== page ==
The European Commission has fined US payment system Mastercard €570 million ($648mn) for limiting the possibility for merchants to benefit from better conditions offered by banks established elsewhere across the EU.
“By preventing merchants from shopping around for better conditions offered by banks in other Member States, Mastercard’s rules artificially raised the costs of card payments, harming consumers and retailers in the EU,” Commissioner Margrethe Vestager said in a statement on Tuesday.
Brussels found that until December 2015 the payment system’s rules made acquiring banks apply the interchange fees of the country, where the retailer was located, instead of allowing them the benefit of lower interchange fees offered in another member of the 28-state bloc.
“This led to higher prices for retailers and consumers, to limited cross-border competition and to an artificial segmentation” of the market, according to the Commission’s investigation.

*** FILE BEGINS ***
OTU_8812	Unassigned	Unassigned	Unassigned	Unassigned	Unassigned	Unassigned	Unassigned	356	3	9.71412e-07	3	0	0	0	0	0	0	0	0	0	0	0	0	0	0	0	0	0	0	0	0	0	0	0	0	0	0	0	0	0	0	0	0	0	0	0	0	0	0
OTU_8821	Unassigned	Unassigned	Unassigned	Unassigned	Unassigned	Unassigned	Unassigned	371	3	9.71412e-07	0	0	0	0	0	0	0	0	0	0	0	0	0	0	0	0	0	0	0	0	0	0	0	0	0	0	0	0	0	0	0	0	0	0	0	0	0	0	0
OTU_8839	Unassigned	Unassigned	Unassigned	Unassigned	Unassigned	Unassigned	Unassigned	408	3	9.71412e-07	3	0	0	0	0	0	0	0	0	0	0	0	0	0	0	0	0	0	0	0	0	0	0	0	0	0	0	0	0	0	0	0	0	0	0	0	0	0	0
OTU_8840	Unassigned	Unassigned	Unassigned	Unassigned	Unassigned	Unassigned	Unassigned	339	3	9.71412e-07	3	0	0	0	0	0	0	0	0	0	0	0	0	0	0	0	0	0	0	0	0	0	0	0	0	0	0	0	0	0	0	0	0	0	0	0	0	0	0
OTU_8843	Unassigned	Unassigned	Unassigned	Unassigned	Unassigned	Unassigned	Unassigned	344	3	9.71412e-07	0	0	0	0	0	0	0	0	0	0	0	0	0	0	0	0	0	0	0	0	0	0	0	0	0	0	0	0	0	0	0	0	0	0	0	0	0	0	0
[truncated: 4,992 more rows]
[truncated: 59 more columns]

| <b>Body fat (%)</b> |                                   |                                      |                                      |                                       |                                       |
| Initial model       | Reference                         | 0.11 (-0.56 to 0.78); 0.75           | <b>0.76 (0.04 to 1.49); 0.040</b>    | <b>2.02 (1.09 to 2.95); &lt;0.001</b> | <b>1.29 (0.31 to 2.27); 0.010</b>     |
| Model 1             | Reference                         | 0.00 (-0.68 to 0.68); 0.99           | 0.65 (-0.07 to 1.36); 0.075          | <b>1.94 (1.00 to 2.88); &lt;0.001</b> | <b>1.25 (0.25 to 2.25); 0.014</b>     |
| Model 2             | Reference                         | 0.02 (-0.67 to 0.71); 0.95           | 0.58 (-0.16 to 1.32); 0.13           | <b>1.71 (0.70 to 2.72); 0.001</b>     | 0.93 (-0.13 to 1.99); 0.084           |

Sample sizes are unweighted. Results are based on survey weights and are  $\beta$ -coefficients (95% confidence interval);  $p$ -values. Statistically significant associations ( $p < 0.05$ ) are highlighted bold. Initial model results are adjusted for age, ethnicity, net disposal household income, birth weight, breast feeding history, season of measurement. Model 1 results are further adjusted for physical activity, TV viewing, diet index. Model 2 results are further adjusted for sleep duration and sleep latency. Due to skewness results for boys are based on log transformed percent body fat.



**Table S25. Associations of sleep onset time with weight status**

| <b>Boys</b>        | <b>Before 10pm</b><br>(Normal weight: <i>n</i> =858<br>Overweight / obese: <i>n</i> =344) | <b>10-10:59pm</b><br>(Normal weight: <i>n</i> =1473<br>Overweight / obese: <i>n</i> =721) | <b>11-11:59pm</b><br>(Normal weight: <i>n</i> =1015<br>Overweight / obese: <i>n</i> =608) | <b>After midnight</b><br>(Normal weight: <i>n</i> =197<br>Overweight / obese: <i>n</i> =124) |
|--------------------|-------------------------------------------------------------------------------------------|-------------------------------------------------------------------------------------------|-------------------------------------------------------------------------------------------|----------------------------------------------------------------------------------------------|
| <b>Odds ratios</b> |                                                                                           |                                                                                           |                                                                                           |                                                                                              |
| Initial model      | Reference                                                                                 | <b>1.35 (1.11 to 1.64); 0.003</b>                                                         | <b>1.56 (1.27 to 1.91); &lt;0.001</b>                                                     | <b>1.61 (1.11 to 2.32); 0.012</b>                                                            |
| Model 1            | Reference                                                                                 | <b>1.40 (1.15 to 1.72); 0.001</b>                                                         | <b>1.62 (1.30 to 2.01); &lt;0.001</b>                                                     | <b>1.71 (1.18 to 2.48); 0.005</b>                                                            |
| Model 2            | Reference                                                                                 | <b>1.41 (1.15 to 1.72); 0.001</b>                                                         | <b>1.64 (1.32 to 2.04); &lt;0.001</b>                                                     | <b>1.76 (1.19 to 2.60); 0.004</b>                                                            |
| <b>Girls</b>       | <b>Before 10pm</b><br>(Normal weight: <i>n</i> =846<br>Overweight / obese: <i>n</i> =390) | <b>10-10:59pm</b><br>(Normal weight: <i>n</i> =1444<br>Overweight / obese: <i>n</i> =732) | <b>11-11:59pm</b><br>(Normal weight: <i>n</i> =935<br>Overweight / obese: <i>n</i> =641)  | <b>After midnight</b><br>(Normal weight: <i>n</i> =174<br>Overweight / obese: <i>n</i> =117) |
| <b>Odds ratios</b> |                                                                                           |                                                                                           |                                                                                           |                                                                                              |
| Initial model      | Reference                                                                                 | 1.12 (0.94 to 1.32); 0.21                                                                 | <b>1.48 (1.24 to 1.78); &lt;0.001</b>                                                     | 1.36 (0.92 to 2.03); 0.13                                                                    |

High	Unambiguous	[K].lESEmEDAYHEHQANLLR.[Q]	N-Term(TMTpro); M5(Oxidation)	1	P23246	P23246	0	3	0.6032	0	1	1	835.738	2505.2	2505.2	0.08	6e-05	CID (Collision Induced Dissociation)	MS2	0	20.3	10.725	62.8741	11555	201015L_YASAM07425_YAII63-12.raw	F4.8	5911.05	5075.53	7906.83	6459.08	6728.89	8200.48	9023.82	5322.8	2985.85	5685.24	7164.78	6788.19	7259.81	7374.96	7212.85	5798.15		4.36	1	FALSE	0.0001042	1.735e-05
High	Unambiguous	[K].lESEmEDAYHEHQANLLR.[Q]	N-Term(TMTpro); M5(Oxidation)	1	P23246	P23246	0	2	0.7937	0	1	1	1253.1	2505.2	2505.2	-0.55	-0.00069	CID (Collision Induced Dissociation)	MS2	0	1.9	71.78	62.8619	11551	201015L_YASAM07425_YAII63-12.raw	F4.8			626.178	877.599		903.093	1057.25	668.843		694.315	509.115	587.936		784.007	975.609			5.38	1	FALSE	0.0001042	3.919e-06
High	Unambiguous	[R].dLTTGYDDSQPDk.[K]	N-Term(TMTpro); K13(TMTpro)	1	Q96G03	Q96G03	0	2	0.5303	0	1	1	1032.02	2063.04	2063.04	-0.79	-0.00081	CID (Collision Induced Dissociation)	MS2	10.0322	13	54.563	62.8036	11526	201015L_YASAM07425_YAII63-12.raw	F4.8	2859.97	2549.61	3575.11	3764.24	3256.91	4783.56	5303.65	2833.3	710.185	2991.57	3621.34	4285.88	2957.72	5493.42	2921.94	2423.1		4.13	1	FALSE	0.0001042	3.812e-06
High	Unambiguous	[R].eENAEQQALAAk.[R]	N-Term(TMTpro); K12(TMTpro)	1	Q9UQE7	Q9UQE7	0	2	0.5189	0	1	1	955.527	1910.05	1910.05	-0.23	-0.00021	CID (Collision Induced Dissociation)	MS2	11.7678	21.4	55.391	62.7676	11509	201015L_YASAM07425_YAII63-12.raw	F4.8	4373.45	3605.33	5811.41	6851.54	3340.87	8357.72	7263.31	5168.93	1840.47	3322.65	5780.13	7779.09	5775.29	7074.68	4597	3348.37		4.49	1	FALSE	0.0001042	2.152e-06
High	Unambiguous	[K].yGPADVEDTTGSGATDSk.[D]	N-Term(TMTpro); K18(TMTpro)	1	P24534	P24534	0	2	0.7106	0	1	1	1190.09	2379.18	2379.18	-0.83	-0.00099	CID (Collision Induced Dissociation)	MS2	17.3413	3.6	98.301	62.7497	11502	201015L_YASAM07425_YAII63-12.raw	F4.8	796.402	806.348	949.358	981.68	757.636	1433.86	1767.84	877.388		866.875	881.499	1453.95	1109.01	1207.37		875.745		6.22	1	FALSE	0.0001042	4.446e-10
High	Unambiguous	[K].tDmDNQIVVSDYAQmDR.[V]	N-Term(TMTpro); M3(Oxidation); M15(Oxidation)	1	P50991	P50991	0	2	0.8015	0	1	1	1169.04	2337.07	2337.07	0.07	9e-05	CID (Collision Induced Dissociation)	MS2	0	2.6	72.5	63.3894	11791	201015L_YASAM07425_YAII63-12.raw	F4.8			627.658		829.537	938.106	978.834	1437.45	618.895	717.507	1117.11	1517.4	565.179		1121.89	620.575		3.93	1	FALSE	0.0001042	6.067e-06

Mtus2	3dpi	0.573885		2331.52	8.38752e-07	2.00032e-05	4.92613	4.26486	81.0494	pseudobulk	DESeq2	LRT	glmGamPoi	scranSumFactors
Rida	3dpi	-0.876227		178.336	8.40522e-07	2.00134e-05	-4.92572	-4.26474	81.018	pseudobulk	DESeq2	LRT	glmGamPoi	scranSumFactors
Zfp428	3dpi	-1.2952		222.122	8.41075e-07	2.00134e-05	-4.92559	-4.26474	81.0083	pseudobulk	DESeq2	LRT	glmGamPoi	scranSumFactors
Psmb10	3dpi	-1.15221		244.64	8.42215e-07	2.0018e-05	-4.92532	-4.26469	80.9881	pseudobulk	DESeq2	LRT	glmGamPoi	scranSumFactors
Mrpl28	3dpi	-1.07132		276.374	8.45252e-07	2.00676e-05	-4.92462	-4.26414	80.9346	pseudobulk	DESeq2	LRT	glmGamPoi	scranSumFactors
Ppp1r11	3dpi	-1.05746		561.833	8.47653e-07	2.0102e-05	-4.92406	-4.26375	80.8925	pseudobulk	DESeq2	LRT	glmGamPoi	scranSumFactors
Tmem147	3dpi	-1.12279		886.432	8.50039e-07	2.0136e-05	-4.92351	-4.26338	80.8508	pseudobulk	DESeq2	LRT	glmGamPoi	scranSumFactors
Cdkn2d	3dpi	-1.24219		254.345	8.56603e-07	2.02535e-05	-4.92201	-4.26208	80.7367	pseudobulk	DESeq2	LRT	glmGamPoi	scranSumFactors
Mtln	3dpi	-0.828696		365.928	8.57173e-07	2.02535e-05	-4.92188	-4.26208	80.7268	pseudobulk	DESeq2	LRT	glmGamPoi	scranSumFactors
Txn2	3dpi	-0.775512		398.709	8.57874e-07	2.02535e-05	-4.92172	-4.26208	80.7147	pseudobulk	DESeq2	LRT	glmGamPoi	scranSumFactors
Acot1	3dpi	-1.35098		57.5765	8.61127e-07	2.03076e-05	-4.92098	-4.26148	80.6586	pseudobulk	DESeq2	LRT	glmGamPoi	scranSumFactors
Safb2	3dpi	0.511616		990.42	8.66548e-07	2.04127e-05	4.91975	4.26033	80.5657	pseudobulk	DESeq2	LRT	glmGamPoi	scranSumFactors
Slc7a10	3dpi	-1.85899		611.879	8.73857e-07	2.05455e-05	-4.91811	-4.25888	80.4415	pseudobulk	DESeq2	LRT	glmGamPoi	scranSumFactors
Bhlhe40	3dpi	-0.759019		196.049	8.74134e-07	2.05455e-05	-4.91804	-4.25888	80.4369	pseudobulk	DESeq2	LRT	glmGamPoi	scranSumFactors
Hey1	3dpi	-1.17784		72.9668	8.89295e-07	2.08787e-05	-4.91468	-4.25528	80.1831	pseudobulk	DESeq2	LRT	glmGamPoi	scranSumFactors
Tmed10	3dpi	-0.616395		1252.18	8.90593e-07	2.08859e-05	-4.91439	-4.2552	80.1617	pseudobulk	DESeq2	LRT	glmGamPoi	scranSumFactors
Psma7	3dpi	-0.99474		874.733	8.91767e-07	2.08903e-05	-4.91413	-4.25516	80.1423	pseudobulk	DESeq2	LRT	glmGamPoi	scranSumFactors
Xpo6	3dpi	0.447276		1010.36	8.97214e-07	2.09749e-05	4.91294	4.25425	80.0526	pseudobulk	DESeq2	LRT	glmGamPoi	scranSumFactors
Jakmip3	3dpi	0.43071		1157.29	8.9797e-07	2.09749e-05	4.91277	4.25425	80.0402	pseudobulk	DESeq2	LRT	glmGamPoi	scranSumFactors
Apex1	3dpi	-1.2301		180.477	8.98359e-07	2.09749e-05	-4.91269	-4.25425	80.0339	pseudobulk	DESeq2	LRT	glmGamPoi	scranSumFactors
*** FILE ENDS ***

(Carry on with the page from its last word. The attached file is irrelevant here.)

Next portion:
Mastercard, the second-largest payment system in the European Economic Area (EEA), in terms of consumer credit card issuing and value of transactions, acknowledged the infringements of EU competition rules and was granted a 10 percent fine reduction for cooperating with the investigation.
The fine is the latest step in line with the Commission’s policy to reduce card fees for European merchants.
Brussels opened the investigation into Mastercard in 2013, suspecting it of unfairly offsetting competition in the EEA, which is considered a breach of EU antitrust regulations. Last year, the payment system reportedly expected the fine to amount to more than $1.1 billion, but in December it set aside $650 million to cover the infringement.
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